The Black Mamba is not an endangered species in Swaziland. Litschka says there is no Green Mamba in Swaziland, contrary to beliefs by many. She says communities should learn to cohabit with snakes because there is no other option. “You can’t kill all the snakes, but you have to learn to live with them,” she said.

The couple is not employed for this but only have the passion to help communities that are exposed to snakes. Koen was recently charged for the possession of pythons, however that case is still pending in court.

...no drugs in some rural clinics

MBABANE – Some rural clinics do not have the anti-venom, whilst some have certain quantities. Principal Secretary of Health Dr Stephen Shongwe said he was still to investigate this, when called on Friday. Some were called by the Times of Swaziland to ascertain how they cope with the situation.

Nyonyane Clinic – We do not have anti-venom, which is why we refer patients to Dvokolwako Clinic, about 40 minutes away. Siphofaneni Clinic – We have some anti-venom and we think it is enough.

Lomahasha – We have some quantities and it expires in 2013. Sinceni – We do not have any anti-venom in stock.

Hlane – We have some.

Anti-venom fund to help the poor

SIMUNYE – Thea Litschka Koen says all clinics should have anti-venom medication, a cure for snakebites.

She says she was appalled that most clinics occasionally ran out of this important medication yet communities were so exposed to venomous snakebites.

She and her husband Clifton have since established a fund for the anti-venom by which people can donate towards the purchase of the anti-venom. In Africa, 200 000 people are bitten by snakes every year, and of these 20 000 eventually die because of lack of anti-venom, She says snakebites are a poor man’s disease.

“It is the poor people who live in houses with holes and who work in fields and bushes. These are the people mostly exposed to the snakebite, which is why clinics close to them should have the anti-vemon. “I started realising there was not enough anti-venom when a child was bitten on her leg and the infection spread. The leg was almost amputated, until I found a sponsor to take her to the United States of America, where she was treated and her leg was saved,” she said.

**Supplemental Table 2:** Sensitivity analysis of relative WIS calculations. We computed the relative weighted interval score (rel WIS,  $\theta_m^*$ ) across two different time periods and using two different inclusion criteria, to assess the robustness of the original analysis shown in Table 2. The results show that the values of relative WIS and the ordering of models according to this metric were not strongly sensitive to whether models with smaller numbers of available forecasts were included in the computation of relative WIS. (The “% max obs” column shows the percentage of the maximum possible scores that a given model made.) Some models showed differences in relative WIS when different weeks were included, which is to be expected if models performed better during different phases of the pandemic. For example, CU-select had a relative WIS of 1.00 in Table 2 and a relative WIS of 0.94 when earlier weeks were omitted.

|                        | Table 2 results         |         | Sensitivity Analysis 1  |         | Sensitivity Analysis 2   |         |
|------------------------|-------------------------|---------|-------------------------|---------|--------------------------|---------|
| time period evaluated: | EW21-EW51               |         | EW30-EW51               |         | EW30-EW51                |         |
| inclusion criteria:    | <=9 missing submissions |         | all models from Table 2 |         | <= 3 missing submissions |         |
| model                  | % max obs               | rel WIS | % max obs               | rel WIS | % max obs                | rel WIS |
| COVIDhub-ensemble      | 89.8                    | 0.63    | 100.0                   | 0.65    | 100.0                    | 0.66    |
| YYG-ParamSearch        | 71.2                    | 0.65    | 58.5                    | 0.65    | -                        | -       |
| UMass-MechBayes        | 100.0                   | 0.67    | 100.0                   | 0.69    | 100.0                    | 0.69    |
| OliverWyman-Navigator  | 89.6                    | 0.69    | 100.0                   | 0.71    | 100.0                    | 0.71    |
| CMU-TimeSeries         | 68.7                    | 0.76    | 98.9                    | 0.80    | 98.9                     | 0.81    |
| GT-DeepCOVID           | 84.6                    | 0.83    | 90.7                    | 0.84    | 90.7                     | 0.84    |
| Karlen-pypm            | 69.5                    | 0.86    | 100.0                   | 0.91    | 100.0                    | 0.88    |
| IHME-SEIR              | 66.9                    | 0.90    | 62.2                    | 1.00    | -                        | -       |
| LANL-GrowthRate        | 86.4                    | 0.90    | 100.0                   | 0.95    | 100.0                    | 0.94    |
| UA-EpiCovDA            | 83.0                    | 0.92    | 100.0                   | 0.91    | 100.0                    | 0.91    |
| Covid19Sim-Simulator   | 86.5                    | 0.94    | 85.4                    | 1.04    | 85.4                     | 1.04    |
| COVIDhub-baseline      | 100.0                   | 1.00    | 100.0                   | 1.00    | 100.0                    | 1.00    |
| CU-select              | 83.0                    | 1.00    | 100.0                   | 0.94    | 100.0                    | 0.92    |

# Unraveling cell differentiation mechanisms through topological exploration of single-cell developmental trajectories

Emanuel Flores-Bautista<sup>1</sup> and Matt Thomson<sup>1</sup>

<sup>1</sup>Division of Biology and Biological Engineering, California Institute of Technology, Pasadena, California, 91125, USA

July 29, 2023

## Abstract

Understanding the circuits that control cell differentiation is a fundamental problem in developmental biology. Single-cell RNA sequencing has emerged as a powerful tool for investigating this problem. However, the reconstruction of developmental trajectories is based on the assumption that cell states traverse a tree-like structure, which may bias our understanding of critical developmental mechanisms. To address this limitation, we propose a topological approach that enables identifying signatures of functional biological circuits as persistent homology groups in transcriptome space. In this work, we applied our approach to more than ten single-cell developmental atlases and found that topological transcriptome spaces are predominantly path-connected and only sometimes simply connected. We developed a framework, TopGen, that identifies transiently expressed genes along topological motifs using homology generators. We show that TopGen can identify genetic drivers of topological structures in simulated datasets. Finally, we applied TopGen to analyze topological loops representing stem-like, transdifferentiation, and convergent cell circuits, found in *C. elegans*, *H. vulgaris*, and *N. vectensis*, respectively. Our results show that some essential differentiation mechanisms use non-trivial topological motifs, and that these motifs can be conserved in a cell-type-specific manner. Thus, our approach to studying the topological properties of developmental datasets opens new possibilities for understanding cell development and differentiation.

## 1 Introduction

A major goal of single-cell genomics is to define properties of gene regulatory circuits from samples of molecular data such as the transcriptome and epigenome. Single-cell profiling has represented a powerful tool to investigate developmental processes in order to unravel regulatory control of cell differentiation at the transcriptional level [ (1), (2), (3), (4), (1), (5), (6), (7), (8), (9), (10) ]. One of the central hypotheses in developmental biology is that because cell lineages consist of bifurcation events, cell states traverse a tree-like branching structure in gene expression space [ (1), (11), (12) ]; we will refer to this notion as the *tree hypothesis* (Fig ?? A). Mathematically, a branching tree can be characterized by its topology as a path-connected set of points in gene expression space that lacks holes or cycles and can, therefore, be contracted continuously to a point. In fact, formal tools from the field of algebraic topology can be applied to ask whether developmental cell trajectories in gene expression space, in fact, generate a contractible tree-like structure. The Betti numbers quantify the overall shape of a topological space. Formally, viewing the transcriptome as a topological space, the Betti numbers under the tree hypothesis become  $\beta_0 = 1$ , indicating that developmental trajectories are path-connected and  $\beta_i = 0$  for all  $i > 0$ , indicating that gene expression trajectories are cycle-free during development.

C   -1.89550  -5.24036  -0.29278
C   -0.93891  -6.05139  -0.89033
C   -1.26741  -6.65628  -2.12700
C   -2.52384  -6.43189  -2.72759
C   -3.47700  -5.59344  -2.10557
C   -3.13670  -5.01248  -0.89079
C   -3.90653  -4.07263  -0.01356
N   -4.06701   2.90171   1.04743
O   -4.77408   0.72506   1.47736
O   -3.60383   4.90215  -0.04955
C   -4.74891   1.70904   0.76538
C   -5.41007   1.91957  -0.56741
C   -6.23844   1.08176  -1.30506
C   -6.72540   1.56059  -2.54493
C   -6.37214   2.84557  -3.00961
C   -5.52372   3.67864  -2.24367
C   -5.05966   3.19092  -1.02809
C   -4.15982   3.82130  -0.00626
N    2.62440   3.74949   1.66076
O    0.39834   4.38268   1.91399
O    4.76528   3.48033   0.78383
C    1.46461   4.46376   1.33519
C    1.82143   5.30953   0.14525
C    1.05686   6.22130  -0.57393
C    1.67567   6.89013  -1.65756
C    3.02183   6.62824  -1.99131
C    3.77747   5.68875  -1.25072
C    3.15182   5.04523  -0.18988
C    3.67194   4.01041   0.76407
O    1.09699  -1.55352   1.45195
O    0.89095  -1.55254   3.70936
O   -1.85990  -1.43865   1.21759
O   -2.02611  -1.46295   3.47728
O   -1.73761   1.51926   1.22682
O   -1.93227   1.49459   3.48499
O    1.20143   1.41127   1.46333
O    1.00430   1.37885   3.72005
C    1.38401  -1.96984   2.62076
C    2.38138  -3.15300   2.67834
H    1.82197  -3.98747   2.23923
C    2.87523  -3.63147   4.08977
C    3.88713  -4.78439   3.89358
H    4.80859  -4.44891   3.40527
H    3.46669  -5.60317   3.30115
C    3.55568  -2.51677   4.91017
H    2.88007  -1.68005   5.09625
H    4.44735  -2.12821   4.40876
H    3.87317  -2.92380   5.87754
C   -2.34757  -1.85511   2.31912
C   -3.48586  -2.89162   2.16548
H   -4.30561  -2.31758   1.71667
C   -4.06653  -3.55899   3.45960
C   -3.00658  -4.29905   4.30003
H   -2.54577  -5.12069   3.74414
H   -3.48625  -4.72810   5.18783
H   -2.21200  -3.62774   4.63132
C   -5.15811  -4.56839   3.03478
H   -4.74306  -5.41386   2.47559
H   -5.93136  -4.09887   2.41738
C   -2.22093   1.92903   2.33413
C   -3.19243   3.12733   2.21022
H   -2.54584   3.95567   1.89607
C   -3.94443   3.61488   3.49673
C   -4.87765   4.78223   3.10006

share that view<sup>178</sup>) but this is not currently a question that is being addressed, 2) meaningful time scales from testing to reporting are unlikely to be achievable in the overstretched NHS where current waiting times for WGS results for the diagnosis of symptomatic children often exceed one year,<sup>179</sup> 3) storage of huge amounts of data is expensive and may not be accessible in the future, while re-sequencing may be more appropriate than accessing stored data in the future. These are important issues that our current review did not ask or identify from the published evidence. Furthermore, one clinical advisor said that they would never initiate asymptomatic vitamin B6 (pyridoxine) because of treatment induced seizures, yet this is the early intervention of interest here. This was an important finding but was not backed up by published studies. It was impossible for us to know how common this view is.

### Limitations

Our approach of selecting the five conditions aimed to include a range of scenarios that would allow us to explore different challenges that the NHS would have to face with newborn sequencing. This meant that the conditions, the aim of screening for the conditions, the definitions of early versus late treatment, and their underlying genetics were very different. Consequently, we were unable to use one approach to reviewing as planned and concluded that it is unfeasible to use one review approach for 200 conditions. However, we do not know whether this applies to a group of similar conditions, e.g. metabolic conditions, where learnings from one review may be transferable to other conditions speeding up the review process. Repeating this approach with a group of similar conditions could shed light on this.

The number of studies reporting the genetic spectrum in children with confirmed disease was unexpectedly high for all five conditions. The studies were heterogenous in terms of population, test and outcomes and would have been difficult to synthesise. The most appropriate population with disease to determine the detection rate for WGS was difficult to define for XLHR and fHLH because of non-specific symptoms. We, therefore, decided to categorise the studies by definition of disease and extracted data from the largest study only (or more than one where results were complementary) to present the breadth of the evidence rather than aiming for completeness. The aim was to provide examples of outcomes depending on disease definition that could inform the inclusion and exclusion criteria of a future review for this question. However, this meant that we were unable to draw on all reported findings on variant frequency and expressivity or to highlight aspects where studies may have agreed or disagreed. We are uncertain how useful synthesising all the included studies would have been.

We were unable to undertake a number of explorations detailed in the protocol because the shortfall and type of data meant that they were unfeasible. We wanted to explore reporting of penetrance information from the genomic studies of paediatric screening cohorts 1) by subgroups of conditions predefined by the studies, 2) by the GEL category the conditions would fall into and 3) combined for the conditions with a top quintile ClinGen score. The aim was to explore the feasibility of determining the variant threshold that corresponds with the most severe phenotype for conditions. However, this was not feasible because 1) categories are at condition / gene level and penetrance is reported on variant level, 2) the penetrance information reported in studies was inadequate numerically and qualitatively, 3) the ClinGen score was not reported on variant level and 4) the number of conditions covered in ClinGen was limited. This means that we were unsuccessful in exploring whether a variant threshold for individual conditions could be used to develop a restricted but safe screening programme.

Since Litschka and her husband started the anti-venom campaign, they have been able to distribute 460 bottles made of five mililitres each. She says this is enough for only one summer as it can only save 92 snakebite victims. Each of the 5ml bottles cost about E1 000 to purchase from South Africa and a snakebite victim needs at least five bottles.

Explaining how the snake venom is made, Litschka says venom is collected from various snakes and processed, afterwhich it is injected into a horse. The horse’s blood is then later extracted to make the antivenom.

Litschka says a mamba snakebite victim will definitely die after a few hours if he has not been treated with anti-venom. Within 15 minutes, the victim will struggle to breath and eventually die. However, if the anti-venom is administered to the person, he subsides within 30 minutes.